Thyroid

Call for guidelines to ensure consistency in treatment of hypothyroidism


Researchers have called for a review of guidelines after finding a wide range of practice between clinicians regarding treatment of infants with borderline TSH elevation identified after newborn thyroid function screening.

According to an online survey of members of the Australasian Paediatric Endocrinologist Group (APEG), the frequency of follow-up and the levels of thyroid hormone at which treatment is commenced may differ between clinicians.

Recently updated European guidelines recommend treatment should be started at confirmatory serum TSH concentrations >20 mU/L while US guidelines recommend treatment for ‘persistent basal TSH’ >10 mU/L after the first 2 weeks of age.

The study, published in the Journal of Paediatrics and Child Health [link here], said current Australian guidelines do not specify a level of elevated serum TSH at which treatment should begin.

In the survey, APEG members were presented with four case scenarios, three of which qualified for treatment with thyroxine under the guidelines.

Of the 42 respondents, only 7% would treat the infant with an initial TSH on blood spot of 8.3 mU/L and borderline confirmatory serum TSH of 8.7 mU/L.

However the proportion of clinicians who would treat the three infants with elevated confirmatory serum TSH levels of 21.4 mU/L, 24.3 mU/L and 44.7 mU/L varied at 59%, 94% and 100% respectively.

“For children with elevated TSH levels (case 4: 44.7 mIU/L at confirmatory serum), over three quarters (77%) of clinicians would perform a thyroid 99mT or 123I scan, and 38% would perform a thyroid ultrasound.”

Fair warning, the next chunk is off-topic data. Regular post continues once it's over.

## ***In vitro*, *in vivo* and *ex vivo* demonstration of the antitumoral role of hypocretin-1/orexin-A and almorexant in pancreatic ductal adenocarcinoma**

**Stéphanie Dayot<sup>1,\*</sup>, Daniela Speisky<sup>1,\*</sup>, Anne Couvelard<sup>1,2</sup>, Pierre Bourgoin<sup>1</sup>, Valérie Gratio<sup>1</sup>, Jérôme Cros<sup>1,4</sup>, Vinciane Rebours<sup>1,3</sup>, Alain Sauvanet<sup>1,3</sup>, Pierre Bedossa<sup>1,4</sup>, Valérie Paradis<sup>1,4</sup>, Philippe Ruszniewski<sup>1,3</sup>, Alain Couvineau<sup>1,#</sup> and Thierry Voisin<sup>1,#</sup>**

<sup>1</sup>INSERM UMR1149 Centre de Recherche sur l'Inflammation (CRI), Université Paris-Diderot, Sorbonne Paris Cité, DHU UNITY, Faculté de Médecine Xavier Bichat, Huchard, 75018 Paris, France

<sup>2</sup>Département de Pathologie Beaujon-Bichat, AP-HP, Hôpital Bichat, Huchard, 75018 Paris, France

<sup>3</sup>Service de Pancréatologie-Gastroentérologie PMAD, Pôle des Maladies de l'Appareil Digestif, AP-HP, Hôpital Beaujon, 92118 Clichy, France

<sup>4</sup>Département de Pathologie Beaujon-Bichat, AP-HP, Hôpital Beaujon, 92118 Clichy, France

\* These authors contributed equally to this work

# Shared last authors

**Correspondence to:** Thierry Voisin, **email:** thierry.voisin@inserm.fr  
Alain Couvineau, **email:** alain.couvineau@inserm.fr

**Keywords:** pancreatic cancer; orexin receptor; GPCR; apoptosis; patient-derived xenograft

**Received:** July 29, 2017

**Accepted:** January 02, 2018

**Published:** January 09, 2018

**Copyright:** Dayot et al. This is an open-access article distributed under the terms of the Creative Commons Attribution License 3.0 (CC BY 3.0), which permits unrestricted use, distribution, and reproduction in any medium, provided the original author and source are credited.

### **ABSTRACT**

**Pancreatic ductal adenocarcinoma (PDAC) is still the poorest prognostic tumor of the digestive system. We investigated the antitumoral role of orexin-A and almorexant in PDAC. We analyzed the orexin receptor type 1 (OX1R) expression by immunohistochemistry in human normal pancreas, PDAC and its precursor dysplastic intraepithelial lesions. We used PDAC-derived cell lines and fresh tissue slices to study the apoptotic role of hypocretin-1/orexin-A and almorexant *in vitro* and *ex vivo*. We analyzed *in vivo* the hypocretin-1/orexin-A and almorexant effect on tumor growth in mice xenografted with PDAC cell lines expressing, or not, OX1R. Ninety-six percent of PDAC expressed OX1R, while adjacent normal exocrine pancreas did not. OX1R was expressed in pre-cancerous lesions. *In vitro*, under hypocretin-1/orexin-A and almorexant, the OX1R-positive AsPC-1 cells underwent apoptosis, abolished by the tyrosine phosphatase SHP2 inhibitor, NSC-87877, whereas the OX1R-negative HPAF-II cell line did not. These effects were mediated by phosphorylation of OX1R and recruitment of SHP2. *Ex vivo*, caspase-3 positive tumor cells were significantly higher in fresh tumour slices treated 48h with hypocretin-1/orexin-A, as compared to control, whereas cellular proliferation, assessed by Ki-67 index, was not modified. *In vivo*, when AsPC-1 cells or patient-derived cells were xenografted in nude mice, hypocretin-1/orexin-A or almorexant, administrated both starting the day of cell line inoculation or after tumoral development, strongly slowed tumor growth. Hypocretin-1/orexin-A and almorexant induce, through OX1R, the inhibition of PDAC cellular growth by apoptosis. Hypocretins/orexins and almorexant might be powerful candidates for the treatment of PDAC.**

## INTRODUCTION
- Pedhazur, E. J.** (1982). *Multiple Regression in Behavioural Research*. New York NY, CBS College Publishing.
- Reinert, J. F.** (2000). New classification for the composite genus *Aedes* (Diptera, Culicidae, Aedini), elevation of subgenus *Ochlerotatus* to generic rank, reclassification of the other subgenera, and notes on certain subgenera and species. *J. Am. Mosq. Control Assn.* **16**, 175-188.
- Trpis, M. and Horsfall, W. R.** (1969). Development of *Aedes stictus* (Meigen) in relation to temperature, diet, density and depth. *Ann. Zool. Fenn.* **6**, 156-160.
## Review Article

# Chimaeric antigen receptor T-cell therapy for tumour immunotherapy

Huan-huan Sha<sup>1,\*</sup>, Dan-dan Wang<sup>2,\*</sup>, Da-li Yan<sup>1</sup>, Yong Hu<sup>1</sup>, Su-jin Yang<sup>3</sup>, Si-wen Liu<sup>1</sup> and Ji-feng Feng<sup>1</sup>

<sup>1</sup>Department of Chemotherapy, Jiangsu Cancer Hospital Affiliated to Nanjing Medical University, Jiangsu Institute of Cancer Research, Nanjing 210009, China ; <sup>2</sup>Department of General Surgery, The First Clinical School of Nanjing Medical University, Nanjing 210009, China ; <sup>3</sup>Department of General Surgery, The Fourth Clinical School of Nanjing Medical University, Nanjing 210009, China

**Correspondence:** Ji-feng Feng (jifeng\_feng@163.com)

“There was a range in responses as to how soon physicians recheck TFTs after initiating treatment with thyroxine; 26% would check 5–7 days after, 12% after 8–10 days, 40% after 11–14 days and 14% more than 14 days after,” the study said.

“For children with a normally sited thyroid gland who had not required increasing doses of thyroxine with growth, 35% of respondents would trial thyroxine cessation at 2 years of age, and 55% would trial stopping treatment at 3 years of age.”

”The authors said that in children with thyroid abnormalities, prompt initiation of treatment that normalises thyroid levels has been shown to result in mostly normal neurocognitive outcomes.

They recommended that AAP and APEG guidelines should be reviewed and expanded to include new evidence, particularly on the cognitive outcomes of children with mildly elevated TSH levels.

“This will ensure up-to-date evidence-based guidelines are available to ensure consistent practice across clinicians,” they concluded.

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